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dc.contributor.authorCooper, Roger Willson
dc.creatorCooper, Roger Willsonen_US
dc.date.accessioned2011-12-06T13:57:08Z
dc.date.available2011-12-06T13:57:08Z
dc.date.issued2007en_US
dc.identifier.urihttp://hdl.handle.net/10150/195547
dc.description.abstractThis study illuminates the perceptions of dental school administrators and faculty of a new, non-traditional dental school and the extent to which these perceptions influence the processes of dental education within their school as well as their perceptions of crises in dental education.Using an instrumental case study approach, an intrinsic case study examines perceptions that developed a non-traditional dental school. The case study is then instrumental in examination of the influences of the new economy and networks within the theory of academic capitalism that influence the formation and operation of this new school as well as influences on perceptions of crises in dental education as defined by organized dentistry.All characteristics of the new economy (globalization, knowledge as raw material, non-Fordist manufacturing, educated/tech savvy workers) are perceived as profoundly influencing the processes of dental education at the new school. Of four networks within the theory of academic capitalism (new circuits of knowledge, interstitial organization emergence, intermediating networks, extended managerial capacity) only new circuits of knowledge are perceived to have profound influence on the formation and operation of the school.The perceptions of characteristics of the new economy and networks of the theory of academic capitalism have established a dental school decidedly distinctive in the approach to dental education with the crises in dental education perceived as real and influencing this distinct approach taken by this school in providing dental education.Salient characteristics of the new economy and networks within the theory of academic capitalism, when operationally defined, serve as powerful tools as explanatory vehicles to define the extent of their influence on the foundations and operations of this dental education institution and the extent to which these foundations and operations may influence the crises in dental education.
dc.language.isoENen_US
dc.publisherThe University of Arizona.en_US
dc.rightsCopyright © is held by the author. Digital access to this material is made possible by the University Libraries, University of Arizona. Further transmission, reproduction or presentation (such as public display or performance) of protected items is prohibited except with permission of the author.en_US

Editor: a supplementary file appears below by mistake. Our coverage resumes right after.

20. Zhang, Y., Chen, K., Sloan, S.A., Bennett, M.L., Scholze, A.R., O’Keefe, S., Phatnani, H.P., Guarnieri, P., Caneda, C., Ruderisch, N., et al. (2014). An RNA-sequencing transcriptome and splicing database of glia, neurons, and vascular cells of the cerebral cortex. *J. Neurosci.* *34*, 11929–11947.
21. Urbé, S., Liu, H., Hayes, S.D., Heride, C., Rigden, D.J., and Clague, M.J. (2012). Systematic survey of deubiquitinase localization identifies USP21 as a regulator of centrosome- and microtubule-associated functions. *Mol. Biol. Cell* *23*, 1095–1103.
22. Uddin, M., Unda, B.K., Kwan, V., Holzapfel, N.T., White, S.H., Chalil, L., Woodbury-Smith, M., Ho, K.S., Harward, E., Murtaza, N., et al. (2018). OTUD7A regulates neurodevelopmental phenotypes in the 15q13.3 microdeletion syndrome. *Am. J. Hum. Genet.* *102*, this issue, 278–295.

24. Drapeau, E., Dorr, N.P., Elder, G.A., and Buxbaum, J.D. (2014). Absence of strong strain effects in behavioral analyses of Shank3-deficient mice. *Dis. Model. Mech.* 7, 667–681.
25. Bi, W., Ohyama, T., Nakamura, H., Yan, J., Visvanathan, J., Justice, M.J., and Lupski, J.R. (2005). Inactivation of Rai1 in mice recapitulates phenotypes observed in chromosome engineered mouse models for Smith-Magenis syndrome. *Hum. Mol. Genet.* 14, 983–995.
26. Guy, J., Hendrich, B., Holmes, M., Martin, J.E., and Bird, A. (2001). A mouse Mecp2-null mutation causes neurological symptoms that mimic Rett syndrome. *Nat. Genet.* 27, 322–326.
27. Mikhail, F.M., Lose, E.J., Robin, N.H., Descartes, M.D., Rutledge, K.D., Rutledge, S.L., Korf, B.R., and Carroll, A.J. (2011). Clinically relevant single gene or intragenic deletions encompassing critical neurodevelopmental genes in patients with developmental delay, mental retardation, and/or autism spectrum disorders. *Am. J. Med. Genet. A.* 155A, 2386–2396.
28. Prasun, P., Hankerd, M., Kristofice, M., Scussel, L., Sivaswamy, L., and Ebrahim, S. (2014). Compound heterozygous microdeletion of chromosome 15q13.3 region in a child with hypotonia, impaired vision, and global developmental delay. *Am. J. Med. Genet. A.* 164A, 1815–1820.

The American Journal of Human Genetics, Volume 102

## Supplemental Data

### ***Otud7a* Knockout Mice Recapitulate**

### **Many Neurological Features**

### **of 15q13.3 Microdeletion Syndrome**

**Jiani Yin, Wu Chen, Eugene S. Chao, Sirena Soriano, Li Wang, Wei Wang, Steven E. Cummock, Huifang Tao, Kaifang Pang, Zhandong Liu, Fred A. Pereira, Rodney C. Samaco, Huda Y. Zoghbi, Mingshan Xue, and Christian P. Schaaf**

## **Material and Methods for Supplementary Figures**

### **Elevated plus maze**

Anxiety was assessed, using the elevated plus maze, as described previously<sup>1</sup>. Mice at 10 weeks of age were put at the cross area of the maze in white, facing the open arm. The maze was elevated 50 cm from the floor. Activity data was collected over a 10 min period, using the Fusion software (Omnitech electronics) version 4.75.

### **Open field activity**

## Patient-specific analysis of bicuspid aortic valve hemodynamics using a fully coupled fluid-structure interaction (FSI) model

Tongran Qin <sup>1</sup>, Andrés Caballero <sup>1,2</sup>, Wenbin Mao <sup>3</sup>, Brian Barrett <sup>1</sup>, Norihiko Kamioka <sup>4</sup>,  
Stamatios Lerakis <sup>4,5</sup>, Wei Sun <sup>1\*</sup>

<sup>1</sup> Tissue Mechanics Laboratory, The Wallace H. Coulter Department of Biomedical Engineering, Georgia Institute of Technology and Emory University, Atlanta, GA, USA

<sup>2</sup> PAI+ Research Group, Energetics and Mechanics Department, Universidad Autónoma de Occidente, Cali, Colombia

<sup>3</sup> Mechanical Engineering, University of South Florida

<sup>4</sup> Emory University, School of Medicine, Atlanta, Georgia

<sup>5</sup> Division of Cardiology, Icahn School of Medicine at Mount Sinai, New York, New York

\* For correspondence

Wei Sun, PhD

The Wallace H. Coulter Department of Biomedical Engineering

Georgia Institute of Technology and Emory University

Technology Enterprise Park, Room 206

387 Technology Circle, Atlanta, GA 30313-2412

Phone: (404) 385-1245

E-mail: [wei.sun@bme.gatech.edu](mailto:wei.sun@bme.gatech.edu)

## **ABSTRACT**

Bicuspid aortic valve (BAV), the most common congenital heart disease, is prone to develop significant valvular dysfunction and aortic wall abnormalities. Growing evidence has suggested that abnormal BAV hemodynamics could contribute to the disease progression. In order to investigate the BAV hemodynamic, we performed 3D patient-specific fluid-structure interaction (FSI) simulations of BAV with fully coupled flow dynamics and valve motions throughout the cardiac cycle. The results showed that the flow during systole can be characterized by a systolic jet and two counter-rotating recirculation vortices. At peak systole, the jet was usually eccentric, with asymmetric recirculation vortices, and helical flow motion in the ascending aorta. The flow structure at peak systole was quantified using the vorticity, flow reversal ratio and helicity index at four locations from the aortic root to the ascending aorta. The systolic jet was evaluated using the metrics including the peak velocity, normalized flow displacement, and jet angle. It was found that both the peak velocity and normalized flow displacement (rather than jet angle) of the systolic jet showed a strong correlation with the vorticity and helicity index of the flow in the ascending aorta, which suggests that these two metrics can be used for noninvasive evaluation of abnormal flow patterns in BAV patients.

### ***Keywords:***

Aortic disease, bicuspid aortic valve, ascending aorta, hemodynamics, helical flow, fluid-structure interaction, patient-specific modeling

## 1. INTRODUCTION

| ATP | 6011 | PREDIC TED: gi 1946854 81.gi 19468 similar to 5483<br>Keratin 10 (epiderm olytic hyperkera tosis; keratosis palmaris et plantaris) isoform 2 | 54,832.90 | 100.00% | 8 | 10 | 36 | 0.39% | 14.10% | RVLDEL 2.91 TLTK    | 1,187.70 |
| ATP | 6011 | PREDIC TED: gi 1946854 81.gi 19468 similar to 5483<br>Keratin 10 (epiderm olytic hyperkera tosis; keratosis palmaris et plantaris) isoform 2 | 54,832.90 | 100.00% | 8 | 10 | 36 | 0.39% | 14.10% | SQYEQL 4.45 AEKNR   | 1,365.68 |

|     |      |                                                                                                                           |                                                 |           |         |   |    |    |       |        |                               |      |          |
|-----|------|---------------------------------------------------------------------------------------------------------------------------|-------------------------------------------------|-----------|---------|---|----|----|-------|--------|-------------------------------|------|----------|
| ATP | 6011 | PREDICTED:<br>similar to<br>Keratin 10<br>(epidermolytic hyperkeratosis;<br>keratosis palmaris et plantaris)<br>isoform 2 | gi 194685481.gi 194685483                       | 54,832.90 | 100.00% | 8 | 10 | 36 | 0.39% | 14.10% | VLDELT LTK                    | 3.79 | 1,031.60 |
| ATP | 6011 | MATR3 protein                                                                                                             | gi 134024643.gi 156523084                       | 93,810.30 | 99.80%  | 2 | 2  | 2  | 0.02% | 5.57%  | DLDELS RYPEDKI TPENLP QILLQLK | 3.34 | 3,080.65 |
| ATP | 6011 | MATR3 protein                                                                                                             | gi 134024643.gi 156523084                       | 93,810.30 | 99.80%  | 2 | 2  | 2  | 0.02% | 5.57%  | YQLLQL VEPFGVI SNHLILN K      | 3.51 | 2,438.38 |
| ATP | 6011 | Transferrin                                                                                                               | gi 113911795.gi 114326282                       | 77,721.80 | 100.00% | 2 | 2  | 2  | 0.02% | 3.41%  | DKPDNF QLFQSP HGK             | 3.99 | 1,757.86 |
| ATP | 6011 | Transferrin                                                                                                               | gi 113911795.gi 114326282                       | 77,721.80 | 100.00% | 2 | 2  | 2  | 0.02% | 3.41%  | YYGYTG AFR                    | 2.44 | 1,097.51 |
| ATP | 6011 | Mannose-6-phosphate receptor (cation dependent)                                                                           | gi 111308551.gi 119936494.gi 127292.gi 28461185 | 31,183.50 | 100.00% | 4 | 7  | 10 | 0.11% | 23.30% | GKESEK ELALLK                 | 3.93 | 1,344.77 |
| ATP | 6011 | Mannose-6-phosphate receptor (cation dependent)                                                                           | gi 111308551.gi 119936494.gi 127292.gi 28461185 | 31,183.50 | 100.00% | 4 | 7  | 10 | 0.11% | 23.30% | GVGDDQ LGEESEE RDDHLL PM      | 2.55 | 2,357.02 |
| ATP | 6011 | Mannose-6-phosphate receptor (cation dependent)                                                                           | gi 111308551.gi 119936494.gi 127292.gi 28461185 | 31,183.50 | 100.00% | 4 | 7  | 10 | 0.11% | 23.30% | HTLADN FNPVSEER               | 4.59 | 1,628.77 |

dc.subjectHigher Educationen_US
dc.titleCrises in Dental Education: An Instrumental Case Study Examinationen_US
dc.typetexten_US
dc.typeElectronic Dissertationen_US
dc.contributor.chairRhoades, Garyen_US
dc.identifier.oclc659747180en_US
thesis.degree.grantorUniversity of Arizonaen_US
thesis.degree.leveldoctoralen_US
dc.contributor.committeememberCheslock, Johnen_US
dc.contributor.committeememberMaldonado-Maldonado, Almaen_US
dc.identifier.proquest2073en_US
thesis.degree.disciplineHigher Educationen_US
thesis.degree.disciplineGraduate Collegeen_US
thesis.degree.namePhDen_US
refterms.dateFOA2018-08-16T06:50:17Z
html.description.abstractThis study illuminates the perceptions of dental school administrators and faculty of a new, non-traditional dental school and the extent to which these perceptions influence the processes of dental education within their school as well as their perceptions of crises in dental education.Using an instrumental case study approach, an intrinsic case study examines perceptions that developed a non-traditional dental school. The case study is then instrumental in examination of the influences of the new economy and networks within the theory of academic capitalism that influence the formation and operation of this new school as well as influences on perceptions of crises in dental education as defined by organized dentistry.All characteristics of the new economy (globalization, knowledge as raw material, non-Fordist manufacturing, educated/tech savvy workers) are perceived as profoundly influencing the processes of dental education at the new school. Of four networks within the theory of academic capitalism (new circuits of knowledge, interstitial organization emergence, intermediating networks, extended managerial capacity) only new circuits of knowledge are perceived to have profound influence on the formation and operation of the school.The perceptions of characteristics of the new economy and networks of the theory of academic capitalism have established a dental school decidedly distinctive in the approach to dental education with the crises in dental education perceived as real and influencing this distinct approach taken by this school in providing dental education.Salient characteristics of the new economy and networks within the theory of academic capitalism, when operationally defined, serve as powerful tools as explanatory vehicles to define the extent of their influence on the foundations and operations of this dental education institution and the extent to which these foundations and operations may influence the crises in dental education.


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